Now, the stereotype goes that modern Jewish people aren’t particularly comfortable when confronted with non-wifi environments, aka “nature,” but to see the Alma families arriving at the campsite after school on Friday was like a time warp to what it must’ve been like back in the desert: the cold hard efficiency of practiced hands setting up for another night beneath the stars. Well, at least for the Israelis, and non-Reception parents. Cars were unpacked, instructions consulted, tents rose up, tents sagged, instructions were reconsulted, tents stayed up, mattresses inflated. Then, at the end, partners asked if there was anything that they could do to help.
With shelter taken care of, and the kosher BBQ readied to cross off Maslow’s other needs of food and spiritual fulfilment, parents mingled and visited with their neighbours, in order to scope out each other’s accommodations in a pique of tent envy. And all the while, children ran about with abandon, utterly free to explore, play and commune with the great outdoors, within eye sight, and suncream on.
For that's what it's all really about isn’t it? The children. Getting the children so tired that they’ll pass out as soon as possible and leave us alone so we can have a beer with our friends in peace. So we can spend the rest of the night waking up every two hours and falling over the tent’s guy ropes on our way to the toilet, aka “nature.”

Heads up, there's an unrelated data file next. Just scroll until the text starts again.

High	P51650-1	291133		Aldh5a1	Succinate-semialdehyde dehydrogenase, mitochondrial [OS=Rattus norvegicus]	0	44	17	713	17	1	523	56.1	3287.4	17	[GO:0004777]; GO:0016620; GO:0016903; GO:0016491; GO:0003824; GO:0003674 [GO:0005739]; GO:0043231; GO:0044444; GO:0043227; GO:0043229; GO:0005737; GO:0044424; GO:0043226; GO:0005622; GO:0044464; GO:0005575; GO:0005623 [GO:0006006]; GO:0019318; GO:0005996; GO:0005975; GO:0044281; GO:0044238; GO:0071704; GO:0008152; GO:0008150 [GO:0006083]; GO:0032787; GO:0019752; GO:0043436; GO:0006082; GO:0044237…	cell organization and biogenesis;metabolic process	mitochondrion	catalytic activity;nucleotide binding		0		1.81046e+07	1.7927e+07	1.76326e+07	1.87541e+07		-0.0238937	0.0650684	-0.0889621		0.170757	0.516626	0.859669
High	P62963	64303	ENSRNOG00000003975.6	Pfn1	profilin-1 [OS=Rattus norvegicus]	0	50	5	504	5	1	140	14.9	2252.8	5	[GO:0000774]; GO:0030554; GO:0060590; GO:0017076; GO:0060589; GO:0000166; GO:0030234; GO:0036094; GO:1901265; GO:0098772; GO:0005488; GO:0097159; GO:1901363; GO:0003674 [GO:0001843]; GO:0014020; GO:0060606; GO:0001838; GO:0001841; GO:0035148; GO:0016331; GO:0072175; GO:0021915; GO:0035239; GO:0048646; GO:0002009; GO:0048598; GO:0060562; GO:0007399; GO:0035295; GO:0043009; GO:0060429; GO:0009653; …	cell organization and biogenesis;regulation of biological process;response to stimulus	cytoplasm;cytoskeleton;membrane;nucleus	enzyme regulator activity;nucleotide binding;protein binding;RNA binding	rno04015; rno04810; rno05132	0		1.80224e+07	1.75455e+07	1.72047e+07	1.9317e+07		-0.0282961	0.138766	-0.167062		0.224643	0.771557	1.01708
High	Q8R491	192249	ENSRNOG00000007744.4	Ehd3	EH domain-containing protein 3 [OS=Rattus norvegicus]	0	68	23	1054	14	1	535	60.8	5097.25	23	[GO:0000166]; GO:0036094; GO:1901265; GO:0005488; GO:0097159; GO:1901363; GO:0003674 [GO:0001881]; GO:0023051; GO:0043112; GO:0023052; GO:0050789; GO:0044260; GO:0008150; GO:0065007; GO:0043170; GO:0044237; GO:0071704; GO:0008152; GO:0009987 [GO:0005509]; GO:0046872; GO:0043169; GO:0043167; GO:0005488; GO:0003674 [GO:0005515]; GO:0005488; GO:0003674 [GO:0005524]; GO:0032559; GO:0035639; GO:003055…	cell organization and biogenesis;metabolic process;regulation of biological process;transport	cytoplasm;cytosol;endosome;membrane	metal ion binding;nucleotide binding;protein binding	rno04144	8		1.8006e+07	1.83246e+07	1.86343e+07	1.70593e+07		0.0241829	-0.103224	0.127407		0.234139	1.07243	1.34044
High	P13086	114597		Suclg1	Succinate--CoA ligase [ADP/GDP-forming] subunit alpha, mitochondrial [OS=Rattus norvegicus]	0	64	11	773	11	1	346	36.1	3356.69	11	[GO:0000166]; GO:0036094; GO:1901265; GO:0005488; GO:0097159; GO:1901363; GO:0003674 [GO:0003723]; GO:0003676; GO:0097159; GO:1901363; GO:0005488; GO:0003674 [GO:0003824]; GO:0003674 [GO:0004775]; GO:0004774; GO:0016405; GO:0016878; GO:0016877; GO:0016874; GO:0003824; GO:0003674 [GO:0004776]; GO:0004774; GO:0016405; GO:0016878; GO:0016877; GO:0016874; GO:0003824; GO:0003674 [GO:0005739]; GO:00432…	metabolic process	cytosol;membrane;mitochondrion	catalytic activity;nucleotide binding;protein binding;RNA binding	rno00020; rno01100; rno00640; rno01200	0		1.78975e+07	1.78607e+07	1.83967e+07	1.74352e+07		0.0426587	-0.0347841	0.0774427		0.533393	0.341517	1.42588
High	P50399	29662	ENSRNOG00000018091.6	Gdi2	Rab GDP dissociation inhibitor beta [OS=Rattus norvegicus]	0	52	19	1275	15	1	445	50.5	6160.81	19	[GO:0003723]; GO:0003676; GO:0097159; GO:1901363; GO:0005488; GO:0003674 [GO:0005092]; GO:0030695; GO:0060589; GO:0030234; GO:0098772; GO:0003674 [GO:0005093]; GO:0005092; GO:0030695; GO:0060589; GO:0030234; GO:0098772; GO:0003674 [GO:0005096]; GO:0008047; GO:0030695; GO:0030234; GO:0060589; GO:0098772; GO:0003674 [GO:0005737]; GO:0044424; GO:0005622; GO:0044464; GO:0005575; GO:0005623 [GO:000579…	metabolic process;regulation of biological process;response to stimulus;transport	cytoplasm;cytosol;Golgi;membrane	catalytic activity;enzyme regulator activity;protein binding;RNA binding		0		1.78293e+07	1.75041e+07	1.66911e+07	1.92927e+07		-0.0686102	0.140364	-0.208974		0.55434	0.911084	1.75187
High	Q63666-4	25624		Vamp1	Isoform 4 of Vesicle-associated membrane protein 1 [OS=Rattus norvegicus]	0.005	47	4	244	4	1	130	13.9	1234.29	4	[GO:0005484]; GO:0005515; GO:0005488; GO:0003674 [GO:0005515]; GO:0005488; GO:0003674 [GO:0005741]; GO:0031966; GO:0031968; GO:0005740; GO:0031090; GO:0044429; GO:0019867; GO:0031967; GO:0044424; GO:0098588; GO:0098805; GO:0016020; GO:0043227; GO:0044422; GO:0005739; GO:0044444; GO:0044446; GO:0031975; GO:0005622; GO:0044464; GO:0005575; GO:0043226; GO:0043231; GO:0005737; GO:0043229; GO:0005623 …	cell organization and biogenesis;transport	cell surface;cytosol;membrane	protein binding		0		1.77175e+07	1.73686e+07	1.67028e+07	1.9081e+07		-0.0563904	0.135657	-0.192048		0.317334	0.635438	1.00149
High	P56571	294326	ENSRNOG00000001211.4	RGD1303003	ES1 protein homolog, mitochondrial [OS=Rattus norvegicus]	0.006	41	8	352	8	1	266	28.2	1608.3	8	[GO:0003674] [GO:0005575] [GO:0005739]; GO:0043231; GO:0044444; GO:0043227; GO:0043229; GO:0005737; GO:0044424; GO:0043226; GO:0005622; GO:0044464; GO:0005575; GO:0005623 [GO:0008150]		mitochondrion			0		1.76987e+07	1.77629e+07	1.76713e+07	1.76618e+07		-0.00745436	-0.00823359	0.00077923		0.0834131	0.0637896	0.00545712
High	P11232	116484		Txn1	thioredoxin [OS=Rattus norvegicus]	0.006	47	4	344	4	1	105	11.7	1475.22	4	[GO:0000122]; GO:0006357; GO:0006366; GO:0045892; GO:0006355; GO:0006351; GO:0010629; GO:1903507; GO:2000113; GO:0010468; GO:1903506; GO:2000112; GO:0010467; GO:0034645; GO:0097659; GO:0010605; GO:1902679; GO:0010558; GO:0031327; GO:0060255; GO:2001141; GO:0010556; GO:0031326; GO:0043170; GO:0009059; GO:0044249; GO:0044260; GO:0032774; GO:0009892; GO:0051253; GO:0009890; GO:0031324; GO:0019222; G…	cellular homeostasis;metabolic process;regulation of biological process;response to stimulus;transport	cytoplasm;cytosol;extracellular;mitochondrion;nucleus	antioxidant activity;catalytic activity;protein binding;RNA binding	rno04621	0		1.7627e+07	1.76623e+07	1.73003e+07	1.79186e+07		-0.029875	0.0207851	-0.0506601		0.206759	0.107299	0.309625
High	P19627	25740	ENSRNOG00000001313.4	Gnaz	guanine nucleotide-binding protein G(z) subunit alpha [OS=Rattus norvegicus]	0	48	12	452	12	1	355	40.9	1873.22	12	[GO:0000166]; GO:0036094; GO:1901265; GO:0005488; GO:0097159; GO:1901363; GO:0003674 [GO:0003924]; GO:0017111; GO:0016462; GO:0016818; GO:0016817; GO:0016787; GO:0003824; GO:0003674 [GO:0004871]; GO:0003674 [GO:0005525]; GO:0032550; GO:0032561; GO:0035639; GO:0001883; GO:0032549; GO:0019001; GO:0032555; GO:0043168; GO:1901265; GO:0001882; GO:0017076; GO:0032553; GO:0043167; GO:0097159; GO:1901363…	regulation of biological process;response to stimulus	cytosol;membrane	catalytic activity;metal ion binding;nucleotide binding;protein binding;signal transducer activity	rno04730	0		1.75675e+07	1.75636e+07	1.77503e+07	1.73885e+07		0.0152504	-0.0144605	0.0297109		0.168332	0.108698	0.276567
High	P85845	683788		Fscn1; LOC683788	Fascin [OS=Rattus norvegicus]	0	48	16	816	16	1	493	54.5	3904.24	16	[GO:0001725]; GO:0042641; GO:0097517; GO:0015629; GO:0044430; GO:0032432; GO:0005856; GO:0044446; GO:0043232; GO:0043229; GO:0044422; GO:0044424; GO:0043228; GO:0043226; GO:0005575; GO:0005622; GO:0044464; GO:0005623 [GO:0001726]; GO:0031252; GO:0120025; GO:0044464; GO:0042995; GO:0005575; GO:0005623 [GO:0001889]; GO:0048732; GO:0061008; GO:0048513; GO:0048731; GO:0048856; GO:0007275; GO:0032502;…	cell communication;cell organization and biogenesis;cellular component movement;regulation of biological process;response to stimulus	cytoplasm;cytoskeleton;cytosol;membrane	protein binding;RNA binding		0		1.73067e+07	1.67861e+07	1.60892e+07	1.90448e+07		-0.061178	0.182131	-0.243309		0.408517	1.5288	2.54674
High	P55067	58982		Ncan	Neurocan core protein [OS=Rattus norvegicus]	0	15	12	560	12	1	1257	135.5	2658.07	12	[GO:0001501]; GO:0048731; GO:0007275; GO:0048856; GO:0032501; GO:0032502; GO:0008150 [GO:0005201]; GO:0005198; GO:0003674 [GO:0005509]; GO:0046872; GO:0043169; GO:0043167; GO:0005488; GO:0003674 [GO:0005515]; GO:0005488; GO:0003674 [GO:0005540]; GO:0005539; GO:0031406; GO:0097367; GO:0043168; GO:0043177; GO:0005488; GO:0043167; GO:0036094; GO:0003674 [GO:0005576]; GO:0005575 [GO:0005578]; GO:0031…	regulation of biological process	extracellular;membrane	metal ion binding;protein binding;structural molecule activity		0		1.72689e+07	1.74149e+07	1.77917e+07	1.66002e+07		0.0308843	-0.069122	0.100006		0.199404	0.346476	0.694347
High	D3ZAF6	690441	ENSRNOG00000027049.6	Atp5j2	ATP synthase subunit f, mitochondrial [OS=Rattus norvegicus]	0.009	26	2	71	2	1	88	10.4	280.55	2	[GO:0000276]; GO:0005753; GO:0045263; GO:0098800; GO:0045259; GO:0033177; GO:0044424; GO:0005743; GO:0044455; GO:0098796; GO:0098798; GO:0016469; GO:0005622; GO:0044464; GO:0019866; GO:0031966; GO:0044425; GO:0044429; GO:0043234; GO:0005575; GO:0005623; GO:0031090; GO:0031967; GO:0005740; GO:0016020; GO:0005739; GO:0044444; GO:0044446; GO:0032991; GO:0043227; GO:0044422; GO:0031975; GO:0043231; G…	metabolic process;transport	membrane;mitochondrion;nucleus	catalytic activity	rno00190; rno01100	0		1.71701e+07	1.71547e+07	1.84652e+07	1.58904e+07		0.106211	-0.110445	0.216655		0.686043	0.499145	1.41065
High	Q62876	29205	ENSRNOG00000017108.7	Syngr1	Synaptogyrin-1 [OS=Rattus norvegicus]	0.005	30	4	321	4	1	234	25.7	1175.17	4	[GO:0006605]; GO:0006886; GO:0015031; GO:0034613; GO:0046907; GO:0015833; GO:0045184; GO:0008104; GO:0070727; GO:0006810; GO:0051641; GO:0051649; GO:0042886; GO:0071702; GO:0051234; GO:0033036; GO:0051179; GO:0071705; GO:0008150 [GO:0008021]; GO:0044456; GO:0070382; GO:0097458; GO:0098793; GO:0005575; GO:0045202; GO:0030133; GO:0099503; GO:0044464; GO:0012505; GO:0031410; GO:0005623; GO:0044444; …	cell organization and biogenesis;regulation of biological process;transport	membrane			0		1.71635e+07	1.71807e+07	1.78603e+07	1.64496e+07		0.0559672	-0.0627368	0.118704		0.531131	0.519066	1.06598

Saturday’s arrival brings me to my top camping tip: situate your tent near Yonatan Sasson. That guy can cook yo! His breakfast is so delicious it almost makes being woken up at 5am worth it. The morning’s treasure hunt was fun and gave the children the opportunity to be able to whine all over the campsite, but to be honest, I was somewhat distracted by that greatest of camping fears. The packing up of a wet tent.
Having to re-erect the tent to dry, would break me, so I spent the majority of the day fixated on my weather app like a hawk. Then my phone battery went, so I had to look at the sky. Weighing up my children’s happiness against my sanity, I called it. Our tent came down faster than an IBS sufferer’s trousers, and when those first drops fell and our tent was safely in the car, I knew the relief of Andy Dufresne at the end of The Shawshank Redemption. Although I probably smelt worse.
Reflecting in the side-mirrors reflection as we pulled away from the site, on our way to reembracing modernity at the drive-thru, I felt overwhelming gratitude to those who’d organised the camping and various activities, and awe and admiration for the true heroes of the occasion. Those staying until the Sunday.
By Josh Howie